I elected to continue tracking the deer. He began to take the low road sticking to the edges of ridges and valleys. Fortunately, he did not leave the property and actually turned back south following the creek. At one point, he entered the creek going back and forth and crawled through some dense brush. The blood trail continued to be heavy. With that amount of blood, it was clear the deer was going to die so I pressed on.
Fortunately I found him about 100 yards later. He was just on the other side of the creek and was walking around a point. Conventional wisdom is to simply back out on a shot like this, which is probably what I should have done. However, it worked out and I was able to eventually find him at about 1:30 pm.
Upon investigating, my shot was a liver pass through shot. I never did find my arrow and believe it must have glanced off of a log on the ground which resulted in the sound I heard. I do plan on looking more later on to see if it can be found.
The buck was the biggest bodied buck I have shot. His live weight was 260 lbs., with field dressed weight of 210 lb. I haven't put a tape to the rack yet, but he will not score high given he is a main frame 8 pointer. I like the split brow tine and the two kicker points and believe he is older than 3.5 years. How much older than 3.5 years old needs to be determined once the jaw bone is removed. I hope to send the teeth into a lab for confirmation, but have heard that this process is a little costly. (Refer to letter below for Deerage.com results)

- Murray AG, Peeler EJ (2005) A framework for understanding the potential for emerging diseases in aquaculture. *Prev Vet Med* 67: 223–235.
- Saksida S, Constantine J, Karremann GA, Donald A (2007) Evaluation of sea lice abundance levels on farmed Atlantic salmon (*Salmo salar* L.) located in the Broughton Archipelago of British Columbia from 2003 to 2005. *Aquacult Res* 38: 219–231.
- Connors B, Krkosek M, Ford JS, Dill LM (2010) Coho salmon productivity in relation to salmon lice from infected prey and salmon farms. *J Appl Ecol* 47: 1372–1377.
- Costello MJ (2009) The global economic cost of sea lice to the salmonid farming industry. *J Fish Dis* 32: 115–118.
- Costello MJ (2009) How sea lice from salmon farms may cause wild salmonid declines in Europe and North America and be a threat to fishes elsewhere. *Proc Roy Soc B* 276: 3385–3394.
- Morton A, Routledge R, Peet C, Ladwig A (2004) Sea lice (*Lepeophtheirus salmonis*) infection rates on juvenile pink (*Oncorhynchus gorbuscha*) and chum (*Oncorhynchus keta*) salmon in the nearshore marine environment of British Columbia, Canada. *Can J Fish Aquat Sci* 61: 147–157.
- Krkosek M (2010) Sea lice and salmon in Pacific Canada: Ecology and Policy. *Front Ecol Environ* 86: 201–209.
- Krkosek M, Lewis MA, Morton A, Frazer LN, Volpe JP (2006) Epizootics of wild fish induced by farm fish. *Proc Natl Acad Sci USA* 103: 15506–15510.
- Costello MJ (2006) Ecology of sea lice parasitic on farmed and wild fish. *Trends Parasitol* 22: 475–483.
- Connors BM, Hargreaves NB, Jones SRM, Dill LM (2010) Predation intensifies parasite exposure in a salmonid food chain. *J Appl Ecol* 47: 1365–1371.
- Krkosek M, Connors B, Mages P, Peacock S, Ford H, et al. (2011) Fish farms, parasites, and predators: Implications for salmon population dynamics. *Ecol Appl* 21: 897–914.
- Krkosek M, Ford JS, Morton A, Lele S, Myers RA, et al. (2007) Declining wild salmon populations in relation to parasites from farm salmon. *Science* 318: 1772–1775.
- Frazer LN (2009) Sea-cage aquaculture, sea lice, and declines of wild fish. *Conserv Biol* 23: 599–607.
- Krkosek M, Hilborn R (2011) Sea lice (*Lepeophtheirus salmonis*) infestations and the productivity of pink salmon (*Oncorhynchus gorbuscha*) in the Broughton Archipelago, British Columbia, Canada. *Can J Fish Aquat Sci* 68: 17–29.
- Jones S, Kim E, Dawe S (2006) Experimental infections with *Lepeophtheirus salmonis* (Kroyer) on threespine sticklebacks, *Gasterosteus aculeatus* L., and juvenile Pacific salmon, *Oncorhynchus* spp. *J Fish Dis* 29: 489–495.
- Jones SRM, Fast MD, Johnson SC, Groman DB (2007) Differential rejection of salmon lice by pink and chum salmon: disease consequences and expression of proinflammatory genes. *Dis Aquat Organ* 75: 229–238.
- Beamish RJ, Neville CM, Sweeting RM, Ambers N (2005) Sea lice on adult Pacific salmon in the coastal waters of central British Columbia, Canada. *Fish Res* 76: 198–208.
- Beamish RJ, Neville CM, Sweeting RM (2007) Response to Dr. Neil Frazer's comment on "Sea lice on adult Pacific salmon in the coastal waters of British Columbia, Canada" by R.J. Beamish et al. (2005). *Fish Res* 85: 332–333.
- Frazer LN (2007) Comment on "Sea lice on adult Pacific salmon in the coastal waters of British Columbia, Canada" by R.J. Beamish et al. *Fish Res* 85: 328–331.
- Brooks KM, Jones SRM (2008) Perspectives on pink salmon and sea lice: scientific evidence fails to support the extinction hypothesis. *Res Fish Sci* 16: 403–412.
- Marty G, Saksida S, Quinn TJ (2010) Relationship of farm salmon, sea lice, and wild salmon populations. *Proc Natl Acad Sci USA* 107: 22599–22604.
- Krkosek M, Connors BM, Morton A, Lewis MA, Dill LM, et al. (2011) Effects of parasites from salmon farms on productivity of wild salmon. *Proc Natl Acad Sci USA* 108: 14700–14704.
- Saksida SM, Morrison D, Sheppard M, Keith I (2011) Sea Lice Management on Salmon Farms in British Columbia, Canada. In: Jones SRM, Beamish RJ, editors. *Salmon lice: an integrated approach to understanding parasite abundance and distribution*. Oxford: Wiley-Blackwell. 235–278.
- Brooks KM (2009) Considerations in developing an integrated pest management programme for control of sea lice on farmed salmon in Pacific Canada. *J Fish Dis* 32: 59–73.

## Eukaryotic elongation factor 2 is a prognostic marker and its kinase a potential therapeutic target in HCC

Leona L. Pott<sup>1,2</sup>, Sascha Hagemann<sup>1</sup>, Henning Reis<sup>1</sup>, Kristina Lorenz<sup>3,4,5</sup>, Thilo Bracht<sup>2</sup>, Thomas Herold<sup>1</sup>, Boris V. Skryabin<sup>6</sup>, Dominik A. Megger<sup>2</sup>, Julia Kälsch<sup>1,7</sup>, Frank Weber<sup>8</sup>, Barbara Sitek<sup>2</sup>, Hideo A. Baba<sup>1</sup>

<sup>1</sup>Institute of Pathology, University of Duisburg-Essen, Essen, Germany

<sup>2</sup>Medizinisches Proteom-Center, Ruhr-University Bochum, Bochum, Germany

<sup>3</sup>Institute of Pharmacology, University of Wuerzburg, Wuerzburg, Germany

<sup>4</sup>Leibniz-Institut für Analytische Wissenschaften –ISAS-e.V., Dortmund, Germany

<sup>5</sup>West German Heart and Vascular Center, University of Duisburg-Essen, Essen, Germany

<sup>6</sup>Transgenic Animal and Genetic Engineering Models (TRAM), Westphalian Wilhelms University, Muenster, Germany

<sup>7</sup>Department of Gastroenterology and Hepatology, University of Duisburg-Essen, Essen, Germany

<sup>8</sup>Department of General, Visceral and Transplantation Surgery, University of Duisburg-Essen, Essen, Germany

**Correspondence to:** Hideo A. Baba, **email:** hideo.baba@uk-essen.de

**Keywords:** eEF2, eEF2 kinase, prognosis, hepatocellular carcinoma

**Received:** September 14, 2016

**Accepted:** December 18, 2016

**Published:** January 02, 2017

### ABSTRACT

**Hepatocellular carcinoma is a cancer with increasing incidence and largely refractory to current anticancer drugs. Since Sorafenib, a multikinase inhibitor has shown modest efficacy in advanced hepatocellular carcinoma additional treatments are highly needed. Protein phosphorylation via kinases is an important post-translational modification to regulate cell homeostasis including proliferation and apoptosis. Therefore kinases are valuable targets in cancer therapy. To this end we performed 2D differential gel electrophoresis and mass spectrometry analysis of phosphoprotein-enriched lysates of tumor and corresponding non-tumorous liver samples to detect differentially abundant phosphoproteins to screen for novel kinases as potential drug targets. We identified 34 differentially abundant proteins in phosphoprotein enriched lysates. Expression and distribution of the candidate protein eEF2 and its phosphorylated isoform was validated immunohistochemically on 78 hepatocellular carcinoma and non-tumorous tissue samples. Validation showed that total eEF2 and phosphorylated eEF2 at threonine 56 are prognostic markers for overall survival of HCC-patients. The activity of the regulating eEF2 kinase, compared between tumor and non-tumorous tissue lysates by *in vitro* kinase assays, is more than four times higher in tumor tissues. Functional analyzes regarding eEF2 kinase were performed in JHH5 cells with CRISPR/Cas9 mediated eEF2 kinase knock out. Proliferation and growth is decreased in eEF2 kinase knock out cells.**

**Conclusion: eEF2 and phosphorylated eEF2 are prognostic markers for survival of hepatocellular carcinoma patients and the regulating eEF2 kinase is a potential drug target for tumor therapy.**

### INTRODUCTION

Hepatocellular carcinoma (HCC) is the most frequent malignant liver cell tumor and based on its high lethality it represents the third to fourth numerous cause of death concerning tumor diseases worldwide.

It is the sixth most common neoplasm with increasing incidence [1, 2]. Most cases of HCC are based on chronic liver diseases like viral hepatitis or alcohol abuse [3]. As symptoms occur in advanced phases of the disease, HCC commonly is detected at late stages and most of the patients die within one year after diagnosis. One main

In conclusion, I feel fortunate to harvest this mature buck. I've been told to shoot the biggest buck on your property each year and I believe this was it. There is obviously the possibility that the rut would have brought through a bigger buck. However, the sightings and trail cameras were telling me this was the biggest buck so I took the opportunity on this mature 8 pointer. Now on to hunting with the kids and trying to thin the doe heard.
Date: November 12, 2013
Score: 132" total
Age: 5.5 Years Old (Incisor Teeth Submitted to DeerAge.com. Analysis results received on 4/8/2014. See letter below)
Live Weight: 260 lbs.
Field Dress Weight: 210 lbs.
Wind: North - Buck was shot to the north of my position. With the wind from the north the buck's only chance to pick up my scent was on my trail in to the stand. Given he was trailing a hot doe from 15 minutes prior, it is tough to say his stopping on my trail was due to me or the doe. He was quartering away from me facing NE when shot was made.
Property Location: Northeast Section of the property in the woods.
Location of Shot: Right side Liver (pass through shot)
Buck Activity at Time of Shot: Walking and on the trail of a hot doe that had passed to the north of my stand 15 minutes prior.
Sightings: Only previous sighting was a video gotten at the watering hole on Nov. 6th.Multiple trail camera pictures starting Oct. 1st., with one being the heading on this page. The date shot was the only date seen from the stand.
Shoot the biggest buck you are seeing on your property.
Mature bucks travel in the very middle of the day. The video at 1:00 pm on Nov. 6th above proves this point.
It is possible to harvest a buck in the woods instead of on a food plot. Goal for '13 accomplished.
Topography plays a major role in deer travel routes. The hot doe followed the natural topography and the buck followed within 15 minutes.
Not finding the arrow on a pass through shot makes it more difficult to understand exactly where the deer was hit by the arrow.
Do not push a buck after the first 150 yards. This was the same learning from '12 and I apparently didn't learn my lesson. I may have gotten lucky to recover this buck as easy as I did. The fear of coyotes getting to the buck first as occurred in '12 clouded my judgement.
On The Wall:
The handy work of Ed Vinzant of Whitetail Impressions in Brazil, IN.
Taxidermy by Ed Vinzant - Full Sneak looking to the left.